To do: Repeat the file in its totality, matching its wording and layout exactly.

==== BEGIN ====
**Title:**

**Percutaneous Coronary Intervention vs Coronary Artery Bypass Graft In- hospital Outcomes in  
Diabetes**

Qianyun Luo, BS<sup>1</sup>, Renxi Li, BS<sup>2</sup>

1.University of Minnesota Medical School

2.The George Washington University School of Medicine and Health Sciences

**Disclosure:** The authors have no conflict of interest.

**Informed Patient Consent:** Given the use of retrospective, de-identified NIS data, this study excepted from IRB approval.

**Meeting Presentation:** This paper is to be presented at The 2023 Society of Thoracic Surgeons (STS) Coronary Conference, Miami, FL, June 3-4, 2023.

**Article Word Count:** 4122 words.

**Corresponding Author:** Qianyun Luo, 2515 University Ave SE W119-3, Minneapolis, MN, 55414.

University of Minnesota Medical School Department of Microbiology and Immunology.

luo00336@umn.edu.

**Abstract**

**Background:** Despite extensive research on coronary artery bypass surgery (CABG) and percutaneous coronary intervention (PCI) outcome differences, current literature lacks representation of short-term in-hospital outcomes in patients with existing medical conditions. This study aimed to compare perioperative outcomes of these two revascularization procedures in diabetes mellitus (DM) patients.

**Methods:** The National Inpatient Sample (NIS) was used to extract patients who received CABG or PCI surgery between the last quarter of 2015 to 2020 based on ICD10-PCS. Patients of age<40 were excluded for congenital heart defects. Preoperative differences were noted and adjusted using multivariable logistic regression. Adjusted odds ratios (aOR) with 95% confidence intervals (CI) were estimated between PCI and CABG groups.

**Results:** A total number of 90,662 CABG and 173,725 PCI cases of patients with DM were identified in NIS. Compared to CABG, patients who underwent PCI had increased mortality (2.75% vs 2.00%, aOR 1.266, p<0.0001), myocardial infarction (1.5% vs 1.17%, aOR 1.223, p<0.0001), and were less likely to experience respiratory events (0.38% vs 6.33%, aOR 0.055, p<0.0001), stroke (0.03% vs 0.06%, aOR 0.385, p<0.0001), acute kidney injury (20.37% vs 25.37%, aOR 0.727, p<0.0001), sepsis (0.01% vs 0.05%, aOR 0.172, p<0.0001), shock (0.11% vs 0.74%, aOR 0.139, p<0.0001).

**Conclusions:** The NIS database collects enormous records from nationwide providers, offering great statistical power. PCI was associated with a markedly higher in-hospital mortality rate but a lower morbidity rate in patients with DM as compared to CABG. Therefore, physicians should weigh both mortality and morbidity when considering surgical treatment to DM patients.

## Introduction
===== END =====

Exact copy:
**Title:**

**Percutaneous Coronary Intervention vs Coronary Artery Bypass Graft In- hospital Outcomes in  
Diabetes**

Qianyun Luo, BS<sup>1</sup>, Renxi Li, BS<sup>2</sup>

1.University of Minnesota Medical School

2.The George Washington University School of Medicine and Health Sciences

**Disclosure:** The authors have no conflict of interest.

**Informed Patient Consent:** Given the use of retrospective, de-identified NIS data, this study excepted from IRB approval.

**Meeting Presentation:** This paper is to be presented at The 2023 Society of Thoracic Surgeons (STS) Coronary Conference, Miami, FL, June 3-4, 2023.

**Article Word Count:** 4122 words.

**Corresponding Author:** Qianyun Luo, 2515 University Ave SE W119-3, Minneapolis, MN, 55414.

University of Minnesota Medical School Department of Microbiology and Immunology.

luo00336@umn.edu.

**Abstract**

**Background:** Despite extensive research on coronary artery bypass surgery (CABG) and percutaneous coronary intervention (PCI) outcome differences, current literature lacks representation of short-term in-hospital outcomes in patients with existing medical conditions. This study aimed to compare perioperative outcomes of these two revascularization procedures in diabetes mellitus (DM) patients.

**Methods:** The National Inpatient Sample (NIS) was used to extract patients who received CABG or PCI surgery between the last quarter of 2015 to 2020 based on ICD10-PCS. Patients of age<40 were excluded for congenital heart defects. Preoperative differences were noted and adjusted using multivariable logistic regression. Adjusted odds ratios (aOR) with 95% confidence intervals (CI) were estimated between PCI and CABG groups.

**Results:** A total number of 90,662 CABG and 173,725 PCI cases of patients with DM were identified in NIS. Compared to CABG, patients who underwent PCI had increased mortality (2.75% vs 2.00%, aOR 1.266, p<0.0001), myocardial infarction (1.5% vs 1.17%, aOR 1.223, p<0.0001), and were less likely to experience respiratory events (0.38% vs 6.33%, aOR 0.055, p<0.0001), stroke (0.03% vs 0.06%, aOR 0.385, p<0.0001), acute kidney injury (20.37% vs 25.37%, aOR 0.727, p<0.0001), sepsis (0.01% vs 0.05%, aOR 0.172, p<0.0001), shock (0.11% vs 0.74%, aOR 0.139, p<0.0001).

**Conclusions:** The NIS database collects enormous records from nationwide providers, offering great statistical power. PCI was associated with a markedly higher in-hospital mortality rate but a lower morbidity rate in patients with DM as compared to CABG. Therefore, physicians should weigh both mortality and morbidity when considering surgical treatment to DM patients.

## Introduction